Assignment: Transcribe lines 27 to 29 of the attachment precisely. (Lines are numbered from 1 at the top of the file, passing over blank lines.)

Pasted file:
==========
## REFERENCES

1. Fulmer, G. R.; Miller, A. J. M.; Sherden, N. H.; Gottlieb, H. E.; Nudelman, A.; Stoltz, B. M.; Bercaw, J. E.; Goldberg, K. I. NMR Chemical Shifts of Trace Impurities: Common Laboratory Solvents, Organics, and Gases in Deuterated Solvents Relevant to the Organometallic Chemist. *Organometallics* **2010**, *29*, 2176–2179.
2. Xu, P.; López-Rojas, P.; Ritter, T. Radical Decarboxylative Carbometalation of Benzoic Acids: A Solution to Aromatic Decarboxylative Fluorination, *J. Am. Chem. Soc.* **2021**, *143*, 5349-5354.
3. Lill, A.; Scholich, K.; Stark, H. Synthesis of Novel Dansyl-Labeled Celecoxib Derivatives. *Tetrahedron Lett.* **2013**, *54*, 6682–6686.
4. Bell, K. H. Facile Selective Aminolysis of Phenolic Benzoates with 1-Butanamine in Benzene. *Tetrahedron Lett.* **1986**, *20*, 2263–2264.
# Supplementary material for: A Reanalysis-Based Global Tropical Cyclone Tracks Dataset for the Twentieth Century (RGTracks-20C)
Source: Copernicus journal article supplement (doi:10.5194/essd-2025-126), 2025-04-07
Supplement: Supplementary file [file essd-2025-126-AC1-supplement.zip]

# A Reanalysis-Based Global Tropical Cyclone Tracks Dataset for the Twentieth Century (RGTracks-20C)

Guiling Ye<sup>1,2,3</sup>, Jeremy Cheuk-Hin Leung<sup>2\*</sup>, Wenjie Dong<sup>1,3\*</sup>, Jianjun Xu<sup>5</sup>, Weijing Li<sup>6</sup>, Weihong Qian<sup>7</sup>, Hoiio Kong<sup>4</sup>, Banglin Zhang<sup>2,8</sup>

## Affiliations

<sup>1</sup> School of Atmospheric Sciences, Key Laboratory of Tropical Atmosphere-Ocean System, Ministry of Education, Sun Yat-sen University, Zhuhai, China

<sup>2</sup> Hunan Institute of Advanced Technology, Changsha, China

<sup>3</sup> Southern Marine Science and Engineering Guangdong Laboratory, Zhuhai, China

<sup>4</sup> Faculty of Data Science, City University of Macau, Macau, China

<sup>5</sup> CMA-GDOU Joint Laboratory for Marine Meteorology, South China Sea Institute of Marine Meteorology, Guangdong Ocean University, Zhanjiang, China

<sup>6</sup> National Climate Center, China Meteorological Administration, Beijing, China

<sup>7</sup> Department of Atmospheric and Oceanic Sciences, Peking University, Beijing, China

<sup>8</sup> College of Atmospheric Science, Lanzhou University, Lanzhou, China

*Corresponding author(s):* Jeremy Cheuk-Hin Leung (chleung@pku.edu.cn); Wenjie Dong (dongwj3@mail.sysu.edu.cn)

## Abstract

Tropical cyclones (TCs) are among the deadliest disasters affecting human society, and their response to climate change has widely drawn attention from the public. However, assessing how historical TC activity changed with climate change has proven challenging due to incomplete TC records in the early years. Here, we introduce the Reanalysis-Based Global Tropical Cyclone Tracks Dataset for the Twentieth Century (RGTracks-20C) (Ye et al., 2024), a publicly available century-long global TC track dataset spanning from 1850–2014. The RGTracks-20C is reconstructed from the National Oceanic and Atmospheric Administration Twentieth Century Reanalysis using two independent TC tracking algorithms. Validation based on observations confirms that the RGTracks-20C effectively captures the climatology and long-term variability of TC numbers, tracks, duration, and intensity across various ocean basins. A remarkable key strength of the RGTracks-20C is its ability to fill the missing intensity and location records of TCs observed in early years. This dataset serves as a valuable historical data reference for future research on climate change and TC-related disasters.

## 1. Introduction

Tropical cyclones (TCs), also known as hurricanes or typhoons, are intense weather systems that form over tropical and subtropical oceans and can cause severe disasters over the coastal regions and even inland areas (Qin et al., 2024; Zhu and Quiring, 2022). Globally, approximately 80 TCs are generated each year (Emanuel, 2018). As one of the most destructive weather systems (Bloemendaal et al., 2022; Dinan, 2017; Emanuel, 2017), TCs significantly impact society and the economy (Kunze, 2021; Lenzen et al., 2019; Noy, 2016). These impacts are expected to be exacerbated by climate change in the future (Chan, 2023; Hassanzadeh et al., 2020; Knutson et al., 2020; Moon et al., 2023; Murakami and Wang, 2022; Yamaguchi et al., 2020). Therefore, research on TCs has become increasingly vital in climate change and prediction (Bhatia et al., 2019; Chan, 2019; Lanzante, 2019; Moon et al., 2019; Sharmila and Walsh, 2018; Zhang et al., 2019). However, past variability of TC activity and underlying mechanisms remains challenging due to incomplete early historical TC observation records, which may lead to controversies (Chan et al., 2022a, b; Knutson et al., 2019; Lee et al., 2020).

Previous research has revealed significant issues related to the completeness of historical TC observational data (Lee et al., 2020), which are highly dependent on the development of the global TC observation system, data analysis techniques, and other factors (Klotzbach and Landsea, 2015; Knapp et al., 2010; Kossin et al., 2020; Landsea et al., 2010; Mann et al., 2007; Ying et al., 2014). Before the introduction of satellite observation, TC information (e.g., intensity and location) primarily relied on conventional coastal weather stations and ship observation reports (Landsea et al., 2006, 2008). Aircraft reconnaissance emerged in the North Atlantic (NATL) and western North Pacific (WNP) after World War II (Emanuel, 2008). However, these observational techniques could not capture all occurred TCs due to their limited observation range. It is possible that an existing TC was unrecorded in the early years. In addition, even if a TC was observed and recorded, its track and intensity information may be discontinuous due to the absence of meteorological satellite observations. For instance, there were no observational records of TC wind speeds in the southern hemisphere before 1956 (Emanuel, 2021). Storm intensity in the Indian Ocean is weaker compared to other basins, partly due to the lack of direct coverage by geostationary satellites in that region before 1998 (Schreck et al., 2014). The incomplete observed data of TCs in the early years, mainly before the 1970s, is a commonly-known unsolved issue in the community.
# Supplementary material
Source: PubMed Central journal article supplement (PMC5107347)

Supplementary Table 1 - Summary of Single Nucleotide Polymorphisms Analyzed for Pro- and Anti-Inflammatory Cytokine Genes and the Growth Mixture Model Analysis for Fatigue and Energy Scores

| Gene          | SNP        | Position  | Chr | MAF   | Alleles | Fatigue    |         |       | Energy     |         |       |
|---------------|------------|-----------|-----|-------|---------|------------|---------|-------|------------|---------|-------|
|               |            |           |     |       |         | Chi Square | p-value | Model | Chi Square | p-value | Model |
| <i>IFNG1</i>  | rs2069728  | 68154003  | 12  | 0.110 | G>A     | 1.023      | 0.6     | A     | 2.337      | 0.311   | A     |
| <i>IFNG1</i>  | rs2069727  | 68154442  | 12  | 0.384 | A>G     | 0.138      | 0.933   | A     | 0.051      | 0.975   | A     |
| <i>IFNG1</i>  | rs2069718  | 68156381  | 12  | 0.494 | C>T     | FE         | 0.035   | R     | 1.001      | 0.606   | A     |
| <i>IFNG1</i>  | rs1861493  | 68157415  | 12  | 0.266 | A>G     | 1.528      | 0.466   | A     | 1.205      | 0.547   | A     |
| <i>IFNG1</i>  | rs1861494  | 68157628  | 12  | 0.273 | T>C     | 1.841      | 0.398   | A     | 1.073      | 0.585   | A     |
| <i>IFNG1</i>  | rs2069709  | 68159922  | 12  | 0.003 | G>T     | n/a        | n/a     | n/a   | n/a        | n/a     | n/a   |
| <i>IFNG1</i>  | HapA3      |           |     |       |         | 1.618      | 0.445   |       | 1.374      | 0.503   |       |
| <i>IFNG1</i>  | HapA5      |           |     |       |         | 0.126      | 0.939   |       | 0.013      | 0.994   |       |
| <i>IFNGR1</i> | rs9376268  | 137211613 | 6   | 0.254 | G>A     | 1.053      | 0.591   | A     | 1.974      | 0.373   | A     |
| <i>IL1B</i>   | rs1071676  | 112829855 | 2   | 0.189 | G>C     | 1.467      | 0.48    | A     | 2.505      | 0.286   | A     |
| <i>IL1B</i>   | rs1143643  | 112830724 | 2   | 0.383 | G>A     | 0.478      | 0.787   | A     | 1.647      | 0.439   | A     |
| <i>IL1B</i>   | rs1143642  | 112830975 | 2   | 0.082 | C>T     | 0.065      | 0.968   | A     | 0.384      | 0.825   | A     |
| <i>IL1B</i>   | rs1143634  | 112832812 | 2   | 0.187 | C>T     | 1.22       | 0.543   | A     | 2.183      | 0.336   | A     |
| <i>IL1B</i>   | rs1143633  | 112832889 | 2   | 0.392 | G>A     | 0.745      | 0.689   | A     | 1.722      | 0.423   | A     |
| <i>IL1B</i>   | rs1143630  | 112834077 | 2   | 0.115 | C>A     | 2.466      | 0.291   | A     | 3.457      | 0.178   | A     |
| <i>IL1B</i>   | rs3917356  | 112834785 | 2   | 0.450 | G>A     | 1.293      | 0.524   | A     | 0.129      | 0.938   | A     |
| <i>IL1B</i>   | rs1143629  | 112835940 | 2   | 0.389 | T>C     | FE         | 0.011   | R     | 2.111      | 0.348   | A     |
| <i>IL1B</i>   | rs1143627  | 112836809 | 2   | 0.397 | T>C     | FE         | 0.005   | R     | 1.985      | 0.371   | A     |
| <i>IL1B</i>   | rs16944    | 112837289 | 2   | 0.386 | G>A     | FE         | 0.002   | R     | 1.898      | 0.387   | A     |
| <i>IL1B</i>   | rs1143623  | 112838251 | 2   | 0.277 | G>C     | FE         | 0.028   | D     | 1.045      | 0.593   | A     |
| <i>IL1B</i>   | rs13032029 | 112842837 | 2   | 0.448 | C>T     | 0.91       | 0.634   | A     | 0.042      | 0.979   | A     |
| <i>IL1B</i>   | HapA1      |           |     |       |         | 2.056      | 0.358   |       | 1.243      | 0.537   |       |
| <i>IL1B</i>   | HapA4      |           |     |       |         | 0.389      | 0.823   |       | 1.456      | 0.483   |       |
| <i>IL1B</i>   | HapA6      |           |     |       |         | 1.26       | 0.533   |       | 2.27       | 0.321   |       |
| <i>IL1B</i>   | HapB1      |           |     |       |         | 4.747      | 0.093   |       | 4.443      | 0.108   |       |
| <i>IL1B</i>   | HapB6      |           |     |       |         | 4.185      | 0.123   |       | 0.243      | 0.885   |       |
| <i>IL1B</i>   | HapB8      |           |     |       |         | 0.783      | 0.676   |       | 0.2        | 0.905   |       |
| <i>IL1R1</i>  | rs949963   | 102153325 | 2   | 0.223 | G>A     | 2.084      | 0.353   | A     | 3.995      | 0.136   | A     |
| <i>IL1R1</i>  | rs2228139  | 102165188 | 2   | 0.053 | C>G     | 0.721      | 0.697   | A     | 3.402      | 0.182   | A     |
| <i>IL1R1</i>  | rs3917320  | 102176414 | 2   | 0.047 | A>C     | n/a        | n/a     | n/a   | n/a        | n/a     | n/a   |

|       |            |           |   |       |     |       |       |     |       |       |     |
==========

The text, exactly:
Source: PubMed Central journal article supplement (PMC5107347)

Supplementary Table 1 - Summary of Single Nucleotide Polymorphisms Analyzed for Pro- and Anti-Inflammatory Cytokine Genes and the Growth Mixture Model Analysis for Fatigue and Energy Scores

| Gene          | SNP        | Position  | Chr | MAF   | Alleles | Fatigue    |         |       | Energy     |         |       |